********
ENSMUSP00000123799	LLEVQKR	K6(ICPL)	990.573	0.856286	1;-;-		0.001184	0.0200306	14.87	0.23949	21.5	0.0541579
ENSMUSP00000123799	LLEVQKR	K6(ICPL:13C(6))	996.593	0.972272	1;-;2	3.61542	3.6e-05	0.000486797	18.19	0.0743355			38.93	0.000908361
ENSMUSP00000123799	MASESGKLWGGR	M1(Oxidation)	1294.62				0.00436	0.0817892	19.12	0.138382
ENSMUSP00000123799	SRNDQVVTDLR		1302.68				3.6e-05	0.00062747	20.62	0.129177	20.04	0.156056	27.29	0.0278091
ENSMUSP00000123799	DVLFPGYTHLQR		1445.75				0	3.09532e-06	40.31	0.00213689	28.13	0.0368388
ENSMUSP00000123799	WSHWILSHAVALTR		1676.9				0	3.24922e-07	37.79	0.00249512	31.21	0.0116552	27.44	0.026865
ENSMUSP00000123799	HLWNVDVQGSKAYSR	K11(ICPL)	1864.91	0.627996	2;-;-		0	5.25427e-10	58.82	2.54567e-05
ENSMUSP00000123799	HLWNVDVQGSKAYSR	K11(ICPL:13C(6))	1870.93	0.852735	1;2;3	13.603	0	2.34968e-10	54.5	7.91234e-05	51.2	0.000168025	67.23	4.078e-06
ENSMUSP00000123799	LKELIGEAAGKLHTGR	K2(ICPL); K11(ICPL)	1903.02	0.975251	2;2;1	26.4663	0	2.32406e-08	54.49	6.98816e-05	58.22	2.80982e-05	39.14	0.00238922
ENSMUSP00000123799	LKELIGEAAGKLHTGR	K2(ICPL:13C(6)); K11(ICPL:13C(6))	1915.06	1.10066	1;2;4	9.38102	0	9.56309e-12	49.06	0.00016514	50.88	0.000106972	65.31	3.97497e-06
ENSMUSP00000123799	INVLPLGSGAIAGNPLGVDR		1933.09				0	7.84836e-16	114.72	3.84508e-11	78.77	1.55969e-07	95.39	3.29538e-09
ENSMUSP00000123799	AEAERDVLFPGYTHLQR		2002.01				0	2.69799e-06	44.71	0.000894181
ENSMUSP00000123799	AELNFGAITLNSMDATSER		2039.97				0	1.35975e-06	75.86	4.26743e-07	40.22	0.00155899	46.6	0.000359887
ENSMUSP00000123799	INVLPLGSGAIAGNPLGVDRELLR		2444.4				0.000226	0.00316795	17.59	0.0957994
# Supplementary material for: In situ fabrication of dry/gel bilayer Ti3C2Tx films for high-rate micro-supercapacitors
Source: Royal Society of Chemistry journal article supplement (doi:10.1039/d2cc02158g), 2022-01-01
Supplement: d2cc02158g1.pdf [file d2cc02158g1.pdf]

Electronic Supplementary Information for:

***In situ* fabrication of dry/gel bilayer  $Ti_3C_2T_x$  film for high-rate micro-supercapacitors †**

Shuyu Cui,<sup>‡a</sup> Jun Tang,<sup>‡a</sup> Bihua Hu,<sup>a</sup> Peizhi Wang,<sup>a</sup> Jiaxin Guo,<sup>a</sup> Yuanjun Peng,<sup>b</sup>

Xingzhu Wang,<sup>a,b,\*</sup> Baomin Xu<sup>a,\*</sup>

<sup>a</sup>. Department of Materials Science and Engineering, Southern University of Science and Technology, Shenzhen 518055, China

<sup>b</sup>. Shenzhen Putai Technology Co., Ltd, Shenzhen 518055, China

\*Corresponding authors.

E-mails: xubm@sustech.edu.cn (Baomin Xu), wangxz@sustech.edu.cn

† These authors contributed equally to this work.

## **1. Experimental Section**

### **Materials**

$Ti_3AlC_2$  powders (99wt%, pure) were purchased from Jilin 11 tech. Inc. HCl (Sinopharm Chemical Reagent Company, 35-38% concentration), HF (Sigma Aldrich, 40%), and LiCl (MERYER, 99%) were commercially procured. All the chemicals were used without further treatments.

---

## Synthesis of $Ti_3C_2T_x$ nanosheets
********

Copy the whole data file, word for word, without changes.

ENSMUSP00000123799	LLEVQKR	K6(ICPL)	990.573	0.856286	1;-;-		0.001184	0.0200306	14.87	0.23949	21.5	0.0541579
ENSMUSP00000123799	LLEVQKR	K6(ICPL:13C(6))	996.593	0.972272	1;-;2	3.61542	3.6e-05	0.000486797	18.19	0.0743355			38.93	0.000908361
ENSMUSP00000123799	MASESGKLWGGR	M1(Oxidation)	1294.62				0.00436	0.0817892	19.12	0.138382
ENSMUSP00000123799	SRNDQVVTDLR		1302.68				3.6e-05	0.00062747	20.62	0.129177	20.04	0.156056	27.29	0.0278091
ENSMUSP00000123799	DVLFPGYTHLQR		1445.75				0	3.09532e-06	40.31	0.00213689	28.13	0.0368388
ENSMUSP00000123799	WSHWILSHAVALTR		1676.9				0	3.24922e-07	37.79	0.00249512	31.21	0.0116552	27.44	0.026865
ENSMUSP00000123799	HLWNVDVQGSKAYSR	K11(ICPL)	1864.91	0.627996	2;-;-		0	5.25427e-10	58.82	2.54567e-05
ENSMUSP00000123799	HLWNVDVQGSKAYSR	K11(ICPL:13C(6))	1870.93	0.852735	1;2;3	13.603	0	2.34968e-10	54.5	7.91234e-05	51.2	0.000168025	67.23	4.078e-06
ENSMUSP00000123799	LKELIGEAAGKLHTGR	K2(ICPL); K11(ICPL)	1903.02	0.975251	2;2;1	26.4663	0	2.32406e-08	54.49	6.98816e-05	58.22	2.80982e-05	39.14	0.00238922
ENSMUSP00000123799	LKELIGEAAGKLHTGR	K2(ICPL:13C(6)); K11(ICPL:13C(6))	1915.06	1.10066	1;2;4	9.38102	0	9.56309e-12	49.06	0.00016514	50.88	0.000106972	65.31	3.97497e-06
ENSMUSP00000123799	INVLPLGSGAIAGNPLGVDR		1933.09				0	7.84836e-16	114.72	3.84508e-11	78.77	1.55969e-07	95.39	3.29538e-09
ENSMUSP00000123799	AEAERDVLFPGYTHLQR		2002.01				0	2.69799e-06	44.71	0.000894181
ENSMUSP00000123799	AELNFGAITLNSMDATSER		2039.97				0	1.35975e-06	75.86	4.26743e-07	40.22	0.00155899	46.6	0.000359887
ENSMUSP00000123799	INVLPLGSGAIAGNPLGVDRELLR		2444.4				0.000226	0.00316795	17.59	0.0957994
# Supplementary material for: In situ fabrication of dry/gel bilayer Ti3C2Tx films for high-rate micro-supercapacitors
Source: Royal Society of Chemistry journal article supplement (doi:10.1039/d2cc02158g), 2022-01-01
Supplement: d2cc02158g1.pdf [file d2cc02158g1.pdf]

Electronic Supplementary Information for:

***In situ* fabrication of dry/gel bilayer  $Ti_3C_2T_x$  film for high-rate micro-supercapacitors †**

Shuyu Cui,<sup>‡a</sup> Jun Tang,<sup>‡a</sup> Bihua Hu,<sup>a</sup> Peizhi Wang,<sup>a</sup> Jiaxin Guo,<sup>a</sup> Yuanjun Peng,<sup>b</sup>

Xingzhu Wang,<sup>a,b,\*</sup> Baomin Xu<sup>a,\*</sup>

<sup>a</sup>. Department of Materials Science and Engineering, Southern University of Science and Technology, Shenzhen 518055, China

<sup>b</sup>. Shenzhen Putai Technology Co., Ltd, Shenzhen 518055, China

\*Corresponding authors.

E-mails: xubm@sustech.edu.cn (Baomin Xu), wangxz@sustech.edu.cn

† These authors contributed equally to this work.

## **1. Experimental Section**

### **Materials**

$Ti_3AlC_2$  powders (99wt%, pure) were purchased from Jilin 11 tech. Inc. HCl (Sinopharm Chemical Reagent Company, 35-38% concentration), HF (Sigma Aldrich, 40%), and LiCl (MERYER, 99%) were commercially procured. All the chemicals were used without further treatments.

---

## Synthesis of $Ti_3C_2T_x$ nanosheets